I wonder where people get their numbers – EVs and Charging


I wonder where people get their numbers – EVs and Charging

I was reading a story about the EV charging industry and what operators should expect in the coming decades. Two figures stood out to me. First, the number of cars on the road is expected to decrease by 40% by 2050 and second, the number of EVs on the road are expected to be 42% of that number.

I guess that means that we would expect that EVs on the road in 2050 to be 42% of 60% of the number of cars on the road today. This is in the face of the fact that the US Government expects a 5 million car INCREASE over the next eight years. Plus ridership on public transit is unchanged over the last 70 years, at about 15% of the total number of commuters. TNC traffic is in the pits, but even if it increases, it will do so in the face of substantial ride cost increases which we have seen has made the Uber/Lyft world less popular with the riding public. You can only give it away so long.

The article goes on to discuss three types of chargers, Type 1, which fully charges you overnight, Type 2, which will fully charge most vehicles in Five to 13 hours, and Direct Current Fast Charging (DCFC) which will charge most EVs to 80% in about an hour. Costs Range from about $5000 for Level one, $15,000 for Level 2 and between $28,000 and $140,000 per stall for the fast charging DCFC.

It was also noted, to reduce stress on the electrical grid, that most cars should be charged at home, which begs the question as to why we are installing a gazillion charging stations around the country. But as Peter would say, lets forget that. What bothers me is that there is a very large number of people, mostly those who are ‘income challenged’ (read that poor), who don’t have off street parking near their homes. Plus these are the people who are most likely to use their vehicles in their jobs (gardeners, repair and maintenance folk, even TNC drivers.) As is usually the case, it’s these members of our society who get it in the neck, not only as to ‘where to charge’ but also in the fact that gasoline has nearly doubled in price in the past year.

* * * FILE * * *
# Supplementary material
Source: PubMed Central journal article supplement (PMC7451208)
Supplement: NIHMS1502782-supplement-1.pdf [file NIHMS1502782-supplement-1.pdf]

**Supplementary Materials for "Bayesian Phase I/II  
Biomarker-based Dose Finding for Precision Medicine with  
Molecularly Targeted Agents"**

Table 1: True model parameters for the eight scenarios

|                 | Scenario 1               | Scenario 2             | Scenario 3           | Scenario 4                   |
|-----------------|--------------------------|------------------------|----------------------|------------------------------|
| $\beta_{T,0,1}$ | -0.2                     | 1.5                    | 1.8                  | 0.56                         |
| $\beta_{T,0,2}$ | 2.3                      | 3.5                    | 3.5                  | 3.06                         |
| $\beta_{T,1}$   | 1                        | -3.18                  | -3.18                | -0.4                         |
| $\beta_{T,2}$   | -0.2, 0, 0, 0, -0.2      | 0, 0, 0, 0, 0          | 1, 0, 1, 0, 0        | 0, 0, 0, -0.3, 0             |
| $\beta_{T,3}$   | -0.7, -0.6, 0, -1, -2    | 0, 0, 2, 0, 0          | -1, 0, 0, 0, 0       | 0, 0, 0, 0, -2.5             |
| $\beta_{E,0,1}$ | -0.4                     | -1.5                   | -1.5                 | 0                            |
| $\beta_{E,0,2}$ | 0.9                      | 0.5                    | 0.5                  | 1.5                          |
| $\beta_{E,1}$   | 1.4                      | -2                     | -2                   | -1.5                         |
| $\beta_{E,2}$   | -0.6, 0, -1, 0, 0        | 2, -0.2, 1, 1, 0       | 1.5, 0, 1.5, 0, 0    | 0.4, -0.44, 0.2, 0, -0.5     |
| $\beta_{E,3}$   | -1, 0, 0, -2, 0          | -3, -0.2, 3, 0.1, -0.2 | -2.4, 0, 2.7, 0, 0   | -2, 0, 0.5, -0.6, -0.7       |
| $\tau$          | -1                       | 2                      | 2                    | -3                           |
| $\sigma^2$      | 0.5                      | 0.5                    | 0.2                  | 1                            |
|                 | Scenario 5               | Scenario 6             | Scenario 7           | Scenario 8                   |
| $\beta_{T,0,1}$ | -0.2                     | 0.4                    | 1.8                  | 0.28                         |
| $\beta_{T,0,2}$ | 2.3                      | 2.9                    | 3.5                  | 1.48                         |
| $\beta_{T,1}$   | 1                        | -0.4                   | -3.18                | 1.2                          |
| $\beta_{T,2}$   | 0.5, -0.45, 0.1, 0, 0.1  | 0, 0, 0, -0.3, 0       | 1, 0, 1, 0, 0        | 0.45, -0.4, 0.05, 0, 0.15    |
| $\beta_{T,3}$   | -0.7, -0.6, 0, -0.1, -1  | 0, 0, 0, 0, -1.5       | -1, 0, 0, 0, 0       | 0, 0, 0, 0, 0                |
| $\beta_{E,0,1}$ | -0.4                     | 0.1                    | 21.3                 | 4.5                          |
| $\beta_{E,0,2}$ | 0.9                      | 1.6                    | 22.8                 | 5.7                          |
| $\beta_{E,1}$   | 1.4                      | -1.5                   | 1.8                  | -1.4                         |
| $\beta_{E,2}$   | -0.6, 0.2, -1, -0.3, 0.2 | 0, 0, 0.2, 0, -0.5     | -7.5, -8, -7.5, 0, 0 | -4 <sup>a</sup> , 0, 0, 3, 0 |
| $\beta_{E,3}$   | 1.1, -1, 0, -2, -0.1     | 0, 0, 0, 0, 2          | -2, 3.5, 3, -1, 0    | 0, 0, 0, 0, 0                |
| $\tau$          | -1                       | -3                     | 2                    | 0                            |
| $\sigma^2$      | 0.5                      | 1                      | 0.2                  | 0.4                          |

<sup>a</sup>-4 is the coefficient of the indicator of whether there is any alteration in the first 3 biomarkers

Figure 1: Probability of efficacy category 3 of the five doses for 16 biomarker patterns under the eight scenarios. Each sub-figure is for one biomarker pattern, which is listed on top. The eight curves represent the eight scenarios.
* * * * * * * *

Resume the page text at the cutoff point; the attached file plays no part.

All that aside, the article discusses how many charging stations you might need. My advanced calculus is far in the rear view mirror, but suffice it to say that in the end, the article recommends that you install 60% of your spaces with charging stations, and a load management system that will coordinate the charging stations, ensuring that only 15% of them are charging at any one time and then switching to another when one has completed its task. This will keep your system from overloading and…

Of course, charging for electricity is frowned upon at this time as we are attempting to get citizens to switch to plug in electric vehicles. (Can you say $5 a gallon gasoline). However once the goal is reached, then it is expected that one will charge for the electricity used.

I have no problem with that as long as the charge is equal to the cost of supplying the electrons. Won’t an EV owner be surprised to find that charging his EV will cost the same as filling an ICE vehicle with gas.

I do apologize to the authors of the piece mentioned above. I did cherry pick it a bit. But frankly not that much. This entire subject is fraught with pitfalls what with range anxiety, cost and location of charging stations, the variation of charging times for different vehicles, and studies that have shown that EVs aren’t that ‘green’ at all – See the Volvo study in Peter’s column in the upcoming April edition of PT.



Picture of John Van Horn

John Van Horn

One Response

  1. I have heard/read that while residential charging is the preferred method, it will overload the residential systems at our current (See what I did there?) status
    1. Do I stop seeing my family in Minnesota or Wash DC? or
    2. add a week + and extra motels to allow charging or
    3. start flying (Like that is more fuel efficient than driving)

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